These days it’s normal to feel nostalgic about community. For professionals in the home electronics industry, it has been nearly two years since we came together. Most other professions are coping similarly. Cautious optimism and muted excitement surround plans for upcoming gatherings such as CEDIA Expo this fall. The caution and restraint are a result of all we’ve been through this past year. The optimism and excitement are due to our need to gather, to be a community. It is who we are.
Other gatherings are also being, oh so tentatively, planned. Social, entertainment, and sporting events. Cinemas are taking extra precautions, venues are planning trial events, and sports complexes are replacing those cardboard “crowds.” Opening any facility to the public, even in normal times, is a lot of work and costly. In these, hopefully “end-of-pandemic” times, more so. Why take the risk? Is it just business? The answer to those considerations lies in the raison d’être for such organizations. They exist to serve our intrinsic need to gather, for community.
Most of us belong to more than a single community — spiritual, social, professional, and special interests. We naturally gather with others who share our beliefs, interests, and passions because these are enriched when shared. The experience is better. Collectively we are a society of communities. Finally, communities of enthusiasts drive the interests of those pastimes to new levels of desirability, creating a perpetuating and sustaining environment for such activities and passions.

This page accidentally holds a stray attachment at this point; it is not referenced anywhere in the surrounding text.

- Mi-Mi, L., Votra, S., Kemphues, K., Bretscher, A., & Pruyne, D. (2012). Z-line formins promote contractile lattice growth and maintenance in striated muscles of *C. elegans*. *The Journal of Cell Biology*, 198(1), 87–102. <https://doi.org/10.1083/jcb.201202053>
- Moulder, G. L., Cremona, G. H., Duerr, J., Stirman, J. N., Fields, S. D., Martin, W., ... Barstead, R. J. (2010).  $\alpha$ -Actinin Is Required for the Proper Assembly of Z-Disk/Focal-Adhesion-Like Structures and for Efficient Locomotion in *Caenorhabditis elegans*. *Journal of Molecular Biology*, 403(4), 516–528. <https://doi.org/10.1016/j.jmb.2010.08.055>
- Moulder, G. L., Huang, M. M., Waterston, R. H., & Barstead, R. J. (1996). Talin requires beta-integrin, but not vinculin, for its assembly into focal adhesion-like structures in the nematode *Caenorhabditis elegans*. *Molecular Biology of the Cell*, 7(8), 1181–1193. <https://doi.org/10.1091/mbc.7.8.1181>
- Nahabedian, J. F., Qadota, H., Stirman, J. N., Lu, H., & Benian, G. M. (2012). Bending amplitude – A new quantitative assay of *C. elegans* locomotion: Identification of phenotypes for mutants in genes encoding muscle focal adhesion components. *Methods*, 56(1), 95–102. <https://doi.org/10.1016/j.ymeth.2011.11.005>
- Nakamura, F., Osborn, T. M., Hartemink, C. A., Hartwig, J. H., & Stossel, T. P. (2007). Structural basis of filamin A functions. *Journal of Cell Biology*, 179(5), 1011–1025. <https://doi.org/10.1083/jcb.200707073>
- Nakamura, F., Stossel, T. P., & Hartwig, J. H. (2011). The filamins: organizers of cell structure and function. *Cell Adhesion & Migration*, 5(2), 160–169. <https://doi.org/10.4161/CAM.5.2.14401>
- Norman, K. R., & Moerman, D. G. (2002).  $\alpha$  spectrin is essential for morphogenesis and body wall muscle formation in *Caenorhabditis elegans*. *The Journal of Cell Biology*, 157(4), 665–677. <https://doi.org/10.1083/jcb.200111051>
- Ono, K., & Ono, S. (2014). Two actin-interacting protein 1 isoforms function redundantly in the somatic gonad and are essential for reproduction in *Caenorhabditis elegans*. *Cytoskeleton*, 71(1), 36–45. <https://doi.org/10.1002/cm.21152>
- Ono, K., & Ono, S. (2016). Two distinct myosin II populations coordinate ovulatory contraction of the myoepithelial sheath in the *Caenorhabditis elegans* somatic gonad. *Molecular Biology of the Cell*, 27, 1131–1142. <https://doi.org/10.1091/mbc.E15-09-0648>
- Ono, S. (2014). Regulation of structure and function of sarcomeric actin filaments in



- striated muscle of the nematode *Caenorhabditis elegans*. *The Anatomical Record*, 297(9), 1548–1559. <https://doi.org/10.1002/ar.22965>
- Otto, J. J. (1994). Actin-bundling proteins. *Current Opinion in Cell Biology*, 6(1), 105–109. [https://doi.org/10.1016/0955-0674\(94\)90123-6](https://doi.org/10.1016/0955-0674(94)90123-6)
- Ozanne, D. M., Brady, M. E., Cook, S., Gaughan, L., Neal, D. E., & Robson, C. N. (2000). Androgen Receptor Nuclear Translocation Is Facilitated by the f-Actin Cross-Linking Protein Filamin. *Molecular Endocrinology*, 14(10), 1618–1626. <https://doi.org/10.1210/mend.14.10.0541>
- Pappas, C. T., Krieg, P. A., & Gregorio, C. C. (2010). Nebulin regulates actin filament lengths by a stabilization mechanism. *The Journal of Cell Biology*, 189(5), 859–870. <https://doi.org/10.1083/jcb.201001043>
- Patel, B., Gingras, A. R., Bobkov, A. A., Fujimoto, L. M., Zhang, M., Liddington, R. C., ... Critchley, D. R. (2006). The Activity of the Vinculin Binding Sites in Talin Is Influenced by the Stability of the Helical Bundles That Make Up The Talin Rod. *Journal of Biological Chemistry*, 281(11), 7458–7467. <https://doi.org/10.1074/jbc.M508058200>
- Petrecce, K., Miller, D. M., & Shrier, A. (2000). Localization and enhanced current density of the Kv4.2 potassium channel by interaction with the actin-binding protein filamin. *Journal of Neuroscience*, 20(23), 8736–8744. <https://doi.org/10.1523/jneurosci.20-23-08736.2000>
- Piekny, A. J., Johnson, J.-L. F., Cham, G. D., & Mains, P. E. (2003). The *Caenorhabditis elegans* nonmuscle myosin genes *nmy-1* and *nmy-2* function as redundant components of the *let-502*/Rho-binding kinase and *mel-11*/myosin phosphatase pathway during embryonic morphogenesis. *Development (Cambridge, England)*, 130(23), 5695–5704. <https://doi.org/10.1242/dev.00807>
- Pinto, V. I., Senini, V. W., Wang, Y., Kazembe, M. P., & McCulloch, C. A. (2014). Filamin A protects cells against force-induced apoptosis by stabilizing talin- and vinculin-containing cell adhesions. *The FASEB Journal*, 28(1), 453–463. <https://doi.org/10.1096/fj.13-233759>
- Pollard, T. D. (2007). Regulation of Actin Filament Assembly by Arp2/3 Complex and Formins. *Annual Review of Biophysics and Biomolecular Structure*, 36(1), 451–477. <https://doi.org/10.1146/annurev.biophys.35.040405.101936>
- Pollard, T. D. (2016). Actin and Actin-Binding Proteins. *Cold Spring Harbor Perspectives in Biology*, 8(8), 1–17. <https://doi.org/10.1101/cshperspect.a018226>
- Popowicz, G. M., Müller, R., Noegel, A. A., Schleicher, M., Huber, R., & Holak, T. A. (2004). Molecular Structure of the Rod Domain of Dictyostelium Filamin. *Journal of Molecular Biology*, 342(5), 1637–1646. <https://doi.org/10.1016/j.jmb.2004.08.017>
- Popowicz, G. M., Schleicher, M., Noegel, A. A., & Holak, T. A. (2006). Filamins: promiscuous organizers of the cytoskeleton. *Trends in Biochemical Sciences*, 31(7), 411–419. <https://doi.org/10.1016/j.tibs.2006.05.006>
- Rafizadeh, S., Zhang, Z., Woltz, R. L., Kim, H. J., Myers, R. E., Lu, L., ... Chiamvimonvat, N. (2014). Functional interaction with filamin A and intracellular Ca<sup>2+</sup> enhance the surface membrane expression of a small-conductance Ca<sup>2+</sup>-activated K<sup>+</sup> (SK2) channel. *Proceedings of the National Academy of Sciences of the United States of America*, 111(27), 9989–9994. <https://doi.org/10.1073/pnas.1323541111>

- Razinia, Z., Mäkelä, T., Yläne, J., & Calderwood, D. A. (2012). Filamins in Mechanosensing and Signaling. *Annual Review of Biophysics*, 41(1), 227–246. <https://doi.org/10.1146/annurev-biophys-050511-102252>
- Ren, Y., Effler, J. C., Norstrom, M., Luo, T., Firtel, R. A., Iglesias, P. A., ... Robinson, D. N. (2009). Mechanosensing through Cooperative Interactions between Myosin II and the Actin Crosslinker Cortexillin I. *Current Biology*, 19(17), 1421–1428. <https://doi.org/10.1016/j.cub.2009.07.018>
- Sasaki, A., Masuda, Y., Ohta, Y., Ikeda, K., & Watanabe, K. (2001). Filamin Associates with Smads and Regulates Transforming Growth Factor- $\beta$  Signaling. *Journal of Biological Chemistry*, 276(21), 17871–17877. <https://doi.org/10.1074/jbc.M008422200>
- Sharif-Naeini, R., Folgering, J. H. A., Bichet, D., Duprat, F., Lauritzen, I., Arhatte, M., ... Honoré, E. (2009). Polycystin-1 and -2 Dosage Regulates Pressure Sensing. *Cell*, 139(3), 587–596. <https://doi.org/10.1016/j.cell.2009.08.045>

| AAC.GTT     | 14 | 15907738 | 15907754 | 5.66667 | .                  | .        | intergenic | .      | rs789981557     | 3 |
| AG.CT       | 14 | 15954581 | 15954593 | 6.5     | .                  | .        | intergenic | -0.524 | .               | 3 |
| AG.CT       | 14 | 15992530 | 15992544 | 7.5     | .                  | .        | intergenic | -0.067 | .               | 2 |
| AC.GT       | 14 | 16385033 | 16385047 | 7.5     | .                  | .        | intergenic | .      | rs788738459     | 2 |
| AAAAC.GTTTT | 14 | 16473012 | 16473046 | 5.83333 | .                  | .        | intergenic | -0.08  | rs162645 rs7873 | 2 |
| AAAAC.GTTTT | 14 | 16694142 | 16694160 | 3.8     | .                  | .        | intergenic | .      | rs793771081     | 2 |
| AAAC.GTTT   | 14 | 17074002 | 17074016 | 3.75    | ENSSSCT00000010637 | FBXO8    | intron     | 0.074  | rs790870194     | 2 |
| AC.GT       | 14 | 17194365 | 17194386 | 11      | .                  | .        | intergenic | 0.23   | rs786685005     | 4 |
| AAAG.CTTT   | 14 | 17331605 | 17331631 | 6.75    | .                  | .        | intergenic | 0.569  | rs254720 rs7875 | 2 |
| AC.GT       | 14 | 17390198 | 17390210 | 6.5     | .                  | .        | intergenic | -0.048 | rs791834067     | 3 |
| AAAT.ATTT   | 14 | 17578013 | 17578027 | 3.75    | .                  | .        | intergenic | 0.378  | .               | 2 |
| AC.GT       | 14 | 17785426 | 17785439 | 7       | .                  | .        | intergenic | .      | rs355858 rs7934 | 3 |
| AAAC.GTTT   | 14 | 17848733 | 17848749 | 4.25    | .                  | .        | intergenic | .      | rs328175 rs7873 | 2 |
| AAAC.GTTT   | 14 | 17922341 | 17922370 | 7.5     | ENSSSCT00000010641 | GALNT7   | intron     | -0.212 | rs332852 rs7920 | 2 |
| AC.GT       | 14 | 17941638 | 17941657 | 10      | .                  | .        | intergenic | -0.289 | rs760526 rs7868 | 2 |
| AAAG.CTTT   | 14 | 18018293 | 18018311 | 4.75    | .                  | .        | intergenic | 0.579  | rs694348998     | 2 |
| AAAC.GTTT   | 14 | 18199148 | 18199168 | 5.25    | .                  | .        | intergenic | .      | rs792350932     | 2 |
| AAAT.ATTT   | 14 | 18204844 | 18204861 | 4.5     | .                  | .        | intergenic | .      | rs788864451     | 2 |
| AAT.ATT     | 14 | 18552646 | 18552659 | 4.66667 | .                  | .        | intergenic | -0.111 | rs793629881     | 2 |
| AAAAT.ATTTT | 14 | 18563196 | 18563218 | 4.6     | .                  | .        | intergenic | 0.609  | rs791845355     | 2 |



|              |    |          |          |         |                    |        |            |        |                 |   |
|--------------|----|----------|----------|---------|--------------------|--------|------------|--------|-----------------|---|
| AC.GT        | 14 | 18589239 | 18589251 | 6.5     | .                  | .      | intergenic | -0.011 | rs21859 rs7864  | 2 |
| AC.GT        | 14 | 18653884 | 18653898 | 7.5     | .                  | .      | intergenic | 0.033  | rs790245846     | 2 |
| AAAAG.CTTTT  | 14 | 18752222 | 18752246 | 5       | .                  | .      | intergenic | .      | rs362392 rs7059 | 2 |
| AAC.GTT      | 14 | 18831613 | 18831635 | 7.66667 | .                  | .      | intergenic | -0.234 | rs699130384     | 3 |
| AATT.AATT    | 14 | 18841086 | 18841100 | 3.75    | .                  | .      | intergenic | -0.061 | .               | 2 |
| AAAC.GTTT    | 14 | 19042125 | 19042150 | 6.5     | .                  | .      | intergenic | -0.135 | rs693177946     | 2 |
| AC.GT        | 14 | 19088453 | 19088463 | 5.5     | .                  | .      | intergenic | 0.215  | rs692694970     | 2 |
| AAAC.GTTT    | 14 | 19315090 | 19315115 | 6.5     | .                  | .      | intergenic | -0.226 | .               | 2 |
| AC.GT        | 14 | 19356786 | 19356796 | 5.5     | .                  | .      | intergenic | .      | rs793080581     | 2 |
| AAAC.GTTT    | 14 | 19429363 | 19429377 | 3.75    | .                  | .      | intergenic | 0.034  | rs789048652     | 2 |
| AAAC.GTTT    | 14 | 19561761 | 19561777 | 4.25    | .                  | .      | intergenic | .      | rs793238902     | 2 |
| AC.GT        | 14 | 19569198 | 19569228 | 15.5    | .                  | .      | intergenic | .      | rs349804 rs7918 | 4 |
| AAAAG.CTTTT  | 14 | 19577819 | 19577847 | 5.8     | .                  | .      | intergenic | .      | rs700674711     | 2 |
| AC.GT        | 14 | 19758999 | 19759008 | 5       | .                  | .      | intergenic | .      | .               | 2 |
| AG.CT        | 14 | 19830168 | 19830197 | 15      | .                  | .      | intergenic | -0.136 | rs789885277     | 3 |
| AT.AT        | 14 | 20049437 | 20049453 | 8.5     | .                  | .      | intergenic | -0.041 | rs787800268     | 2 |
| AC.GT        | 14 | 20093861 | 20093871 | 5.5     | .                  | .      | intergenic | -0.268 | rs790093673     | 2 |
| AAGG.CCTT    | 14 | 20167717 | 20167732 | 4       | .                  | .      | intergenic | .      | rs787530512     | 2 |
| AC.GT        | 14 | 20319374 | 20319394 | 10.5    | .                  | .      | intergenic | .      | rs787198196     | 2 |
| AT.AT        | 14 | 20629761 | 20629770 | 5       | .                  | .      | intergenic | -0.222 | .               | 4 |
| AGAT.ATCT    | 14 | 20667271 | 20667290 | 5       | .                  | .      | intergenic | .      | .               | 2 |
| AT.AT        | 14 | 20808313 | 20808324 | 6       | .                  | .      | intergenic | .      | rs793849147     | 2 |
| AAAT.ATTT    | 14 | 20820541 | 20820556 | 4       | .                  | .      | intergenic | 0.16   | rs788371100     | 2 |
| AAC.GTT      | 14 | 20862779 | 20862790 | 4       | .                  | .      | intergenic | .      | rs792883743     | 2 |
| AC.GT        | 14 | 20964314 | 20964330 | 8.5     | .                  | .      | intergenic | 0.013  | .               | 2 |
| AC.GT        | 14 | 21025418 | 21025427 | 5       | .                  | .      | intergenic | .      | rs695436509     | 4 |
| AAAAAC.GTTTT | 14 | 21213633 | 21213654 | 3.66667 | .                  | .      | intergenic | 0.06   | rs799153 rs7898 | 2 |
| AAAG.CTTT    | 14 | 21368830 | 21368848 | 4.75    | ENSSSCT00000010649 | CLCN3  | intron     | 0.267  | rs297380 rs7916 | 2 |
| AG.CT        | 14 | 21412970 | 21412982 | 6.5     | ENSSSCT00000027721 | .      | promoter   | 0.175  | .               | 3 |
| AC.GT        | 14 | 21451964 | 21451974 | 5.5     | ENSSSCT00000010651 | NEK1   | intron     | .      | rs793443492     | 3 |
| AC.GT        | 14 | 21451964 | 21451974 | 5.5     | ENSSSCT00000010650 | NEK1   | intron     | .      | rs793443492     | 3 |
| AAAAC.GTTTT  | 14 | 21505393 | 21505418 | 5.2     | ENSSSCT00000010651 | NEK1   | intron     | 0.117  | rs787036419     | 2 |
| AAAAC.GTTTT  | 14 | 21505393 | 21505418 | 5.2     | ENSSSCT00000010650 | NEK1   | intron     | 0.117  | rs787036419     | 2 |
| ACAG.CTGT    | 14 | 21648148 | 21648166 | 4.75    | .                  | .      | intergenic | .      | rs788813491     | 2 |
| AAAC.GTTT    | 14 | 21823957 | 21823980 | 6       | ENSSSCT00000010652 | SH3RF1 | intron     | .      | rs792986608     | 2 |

Interests flourish in groups; as participants gather, discuss and share, ideas are inspired. A group is where the greatest development of ideas occurs. Certainly, individuals exhibit ingenuity and have ideas, but how often have we seen instances of synchronicity where a few creators seemed to have developed similar ideas simultaneously? All that aside, it is when the group — the community that surrounds these creators — get their collective “hands” on these ideas that remarkable development occurs. Without the community, a brilliant discovery is no better than the tree that falls in the forest and makes no sound!
Communities are supercharged with the 3 C’s of collaboration, cooperation, and competition. These aspects of community are the driving forces of many ideas. Collaboration within a community is powerful because individuals with a shared objective and interest also have individual perspectives. It is this melding of differences toward a common goal that allows a collaborative effort to outdistance individual endeavors. Cooperation is like a superpower of the group. As the saying goes, “Many hands make light work.” Likewise, many minds make intellectual leaps possible. Finally, our naturally competitive traits prove beneficial as they push us to excel. It’s what drives us to new heights and beyond individual boundaries.
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A thriving community is self-sustaining and growing. Like a rising tide, the community provides an emergent setting for more participation, more development, and greater opportunity. It is why many industries sponsor “incubators” for developing businesses and why intellectual communities sponsor “think tanks” to cultivate innovative thinking. These “manufactured” communities are powerful in driving specific initiatives or points of view.
But what about more organic communities? Groups where a shared interest and passion bring diverse individuals together into an area of shared fascination? Fine art, wine, automobiles, and jewelry enjoy societies of passionate devotees. It could be argued that film is also such an interest. In just over a century, film came from nothing to become, in the words of Renzo Piano (architect, Academy Museum of Motion Pictures) “the most complete, truly contemporary art form.” It also became an enormous industry and has spurred a significant community of many groups. No one could have foreseen it!